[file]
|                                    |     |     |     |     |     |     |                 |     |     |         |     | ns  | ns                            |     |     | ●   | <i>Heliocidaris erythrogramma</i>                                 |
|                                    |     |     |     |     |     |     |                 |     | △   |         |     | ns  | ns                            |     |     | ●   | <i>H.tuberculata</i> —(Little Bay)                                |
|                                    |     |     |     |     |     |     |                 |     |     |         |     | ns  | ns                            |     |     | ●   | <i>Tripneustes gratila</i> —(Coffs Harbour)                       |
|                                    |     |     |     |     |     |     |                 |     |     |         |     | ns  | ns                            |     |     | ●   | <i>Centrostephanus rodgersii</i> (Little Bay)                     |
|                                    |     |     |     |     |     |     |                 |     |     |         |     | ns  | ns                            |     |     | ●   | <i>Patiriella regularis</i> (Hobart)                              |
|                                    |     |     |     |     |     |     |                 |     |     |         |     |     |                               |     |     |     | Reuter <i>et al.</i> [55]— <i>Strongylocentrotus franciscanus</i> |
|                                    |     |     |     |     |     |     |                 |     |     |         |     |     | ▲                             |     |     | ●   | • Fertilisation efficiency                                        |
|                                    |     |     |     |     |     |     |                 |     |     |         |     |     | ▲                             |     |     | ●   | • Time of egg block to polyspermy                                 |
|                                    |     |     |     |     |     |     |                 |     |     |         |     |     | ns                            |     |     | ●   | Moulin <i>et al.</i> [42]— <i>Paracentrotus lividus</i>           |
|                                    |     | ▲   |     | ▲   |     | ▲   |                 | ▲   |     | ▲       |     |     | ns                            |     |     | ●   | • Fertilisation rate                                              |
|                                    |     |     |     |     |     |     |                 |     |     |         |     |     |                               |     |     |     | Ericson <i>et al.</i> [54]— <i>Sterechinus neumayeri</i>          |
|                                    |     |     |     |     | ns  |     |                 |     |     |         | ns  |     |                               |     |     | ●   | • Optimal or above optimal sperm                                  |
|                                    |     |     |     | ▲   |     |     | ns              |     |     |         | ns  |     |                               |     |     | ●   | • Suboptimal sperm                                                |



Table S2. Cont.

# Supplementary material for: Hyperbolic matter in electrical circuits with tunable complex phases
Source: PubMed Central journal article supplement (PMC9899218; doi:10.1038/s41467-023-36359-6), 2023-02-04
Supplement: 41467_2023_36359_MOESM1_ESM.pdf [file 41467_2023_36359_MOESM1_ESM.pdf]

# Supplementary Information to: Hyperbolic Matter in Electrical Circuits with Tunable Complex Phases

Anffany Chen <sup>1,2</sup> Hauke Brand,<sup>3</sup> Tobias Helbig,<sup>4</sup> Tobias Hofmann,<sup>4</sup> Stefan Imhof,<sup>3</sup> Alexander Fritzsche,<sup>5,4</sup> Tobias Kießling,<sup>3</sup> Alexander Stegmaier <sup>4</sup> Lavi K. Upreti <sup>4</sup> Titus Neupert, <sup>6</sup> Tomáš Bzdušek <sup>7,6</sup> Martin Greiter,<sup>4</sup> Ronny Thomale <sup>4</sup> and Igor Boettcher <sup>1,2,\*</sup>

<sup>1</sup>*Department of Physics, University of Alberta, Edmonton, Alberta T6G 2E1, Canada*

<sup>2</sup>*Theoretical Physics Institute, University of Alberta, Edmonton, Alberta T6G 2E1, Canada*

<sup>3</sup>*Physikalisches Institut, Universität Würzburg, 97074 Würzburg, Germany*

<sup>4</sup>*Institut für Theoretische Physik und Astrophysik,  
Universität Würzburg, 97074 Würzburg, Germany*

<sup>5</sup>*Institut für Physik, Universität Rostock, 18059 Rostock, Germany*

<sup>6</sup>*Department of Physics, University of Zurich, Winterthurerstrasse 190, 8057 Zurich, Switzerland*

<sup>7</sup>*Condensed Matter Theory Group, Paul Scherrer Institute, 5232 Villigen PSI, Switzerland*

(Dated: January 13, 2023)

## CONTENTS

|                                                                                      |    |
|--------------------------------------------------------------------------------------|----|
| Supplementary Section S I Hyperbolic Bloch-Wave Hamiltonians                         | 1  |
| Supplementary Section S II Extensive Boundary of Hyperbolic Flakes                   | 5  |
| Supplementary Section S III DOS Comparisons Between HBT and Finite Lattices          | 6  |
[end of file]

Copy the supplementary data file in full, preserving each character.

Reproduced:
|                                    |     |     |     |     |     |     |                 |     |     |         |     | ns  | ns                            |     |     | ●   | <i>Heliocidaris erythrogramma</i>                                 |
|                                    |     |     |     |     |     |     |                 |     | △   |         |     | ns  | ns                            |     |     | ●   | <i>H.tuberculata</i> —(Little Bay)                                |
|                                    |     |     |     |     |     |     |                 |     |     |         |     | ns  | ns                            |     |     | ●   | <i>Tripneustes gratila</i> —(Coffs Harbour)                       |
|                                    |     |     |     |     |     |     |                 |     |     |         |     | ns  | ns                            |     |     | ●   | <i>Centrostephanus rodgersii</i> (Little Bay)                     |
|                                    |     |     |     |     |     |     |                 |     |     |         |     | ns  | ns                            |     |     | ●   | <i>Patiriella regularis</i> (Hobart)                              |
|                                    |     |     |     |     |     |     |                 |     |     |         |     |     |                               |     |     |     | Reuter <i>et al.</i> [55]— <i>Strongylocentrotus franciscanus</i> |
|                                    |     |     |     |     |     |     |                 |     |     |         |     |     | ▲                             |     |     | ●   | • Fertilisation efficiency                                        |
|                                    |     |     |     |     |     |     |                 |     |     |         |     |     | ▲                             |     |     | ●   | • Time of egg block to polyspermy                                 |
|                                    |     |     |     |     |     |     |                 |     |     |         |     |     | ns                            |     |     | ●   | Moulin <i>et al.</i> [42]— <i>Paracentrotus lividus</i>           |
|                                    |     | ▲   |     | ▲   |     | ▲   |                 | ▲   |     | ▲       |     |     | ns                            |     |     | ●   | • Fertilisation rate                                              |
|                                    |     |     |     |     |     |     |                 |     |     |         |     |     |                               |     |     |     | Ericson <i>et al.</i> [54]— <i>Sterechinus neumayeri</i>          |
|                                    |     |     |     |     | ns  |     |                 |     |     |         | ns  |     |                               |     |     | ●   | • Optimal or above optimal sperm                                  |
|                                    |     |     |     | ▲   |     |     | ns              |     |     |         | ns  |     |                               |     |     | ●   | • Suboptimal sperm                                                |



Table S2. Cont.

# Supplementary material for: Hyperbolic matter in electrical circuits with tunable complex phases
Source: PubMed Central journal article supplement (PMC9899218; doi:10.1038/s41467-023-36359-6), 2023-02-04
Supplement: 41467_2023_36359_MOESM1_ESM.pdf [file 41467_2023_36359_MOESM1_ESM.pdf]

# Supplementary Information to: Hyperbolic Matter in Electrical Circuits with Tunable Complex Phases

Anffany Chen <sup>1,2</sup> Hauke Brand,<sup>3</sup> Tobias Helbig,<sup>4</sup> Tobias Hofmann,<sup>4</sup> Stefan Imhof,<sup>3</sup> Alexander Fritzsche,<sup>5,4</sup> Tobias Kießling,<sup>3</sup> Alexander Stegmaier <sup>4</sup> Lavi K. Upreti <sup>4</sup> Titus Neupert, <sup>6</sup> Tomáš Bzdušek <sup>7,6</sup> Martin Greiter,<sup>4</sup> Ronny Thomale <sup>4</sup> and Igor Boettcher <sup>1,2,\*</sup>

<sup>1</sup>*Department of Physics, University of Alberta, Edmonton, Alberta T6G 2E1, Canada*

<sup>2</sup>*Theoretical Physics Institute, University of Alberta, Edmonton, Alberta T6G 2E1, Canada*

<sup>3</sup>*Physikalisches Institut, Universität Würzburg, 97074 Würzburg, Germany*

<sup>4</sup>*Institut für Theoretische Physik und Astrophysik,  
Universität Würzburg, 97074 Würzburg, Germany*

<sup>5</sup>*Institut für Physik, Universität Rostock, 18059 Rostock, Germany*

<sup>6</sup>*Department of Physics, University of Zurich, Winterthurerstrasse 190, 8057 Zurich, Switzerland*

<sup>7</sup>*Condensed Matter Theory Group, Paul Scherrer Institute, 5232 Villigen PSI, Switzerland*

(Dated: January 13, 2023)

## CONTENTS

|                                                                                      |    |
|--------------------------------------------------------------------------------------|----|
| Supplementary Section S I Hyperbolic Bloch-Wave Hamiltonians                         | 1  |
| Supplementary Section S II Extensive Boundary of Hyperbolic Flakes                   | 5  |
| Supplementary Section S III DOS Comparisons Between HBT and Finite Lattices          | 6  |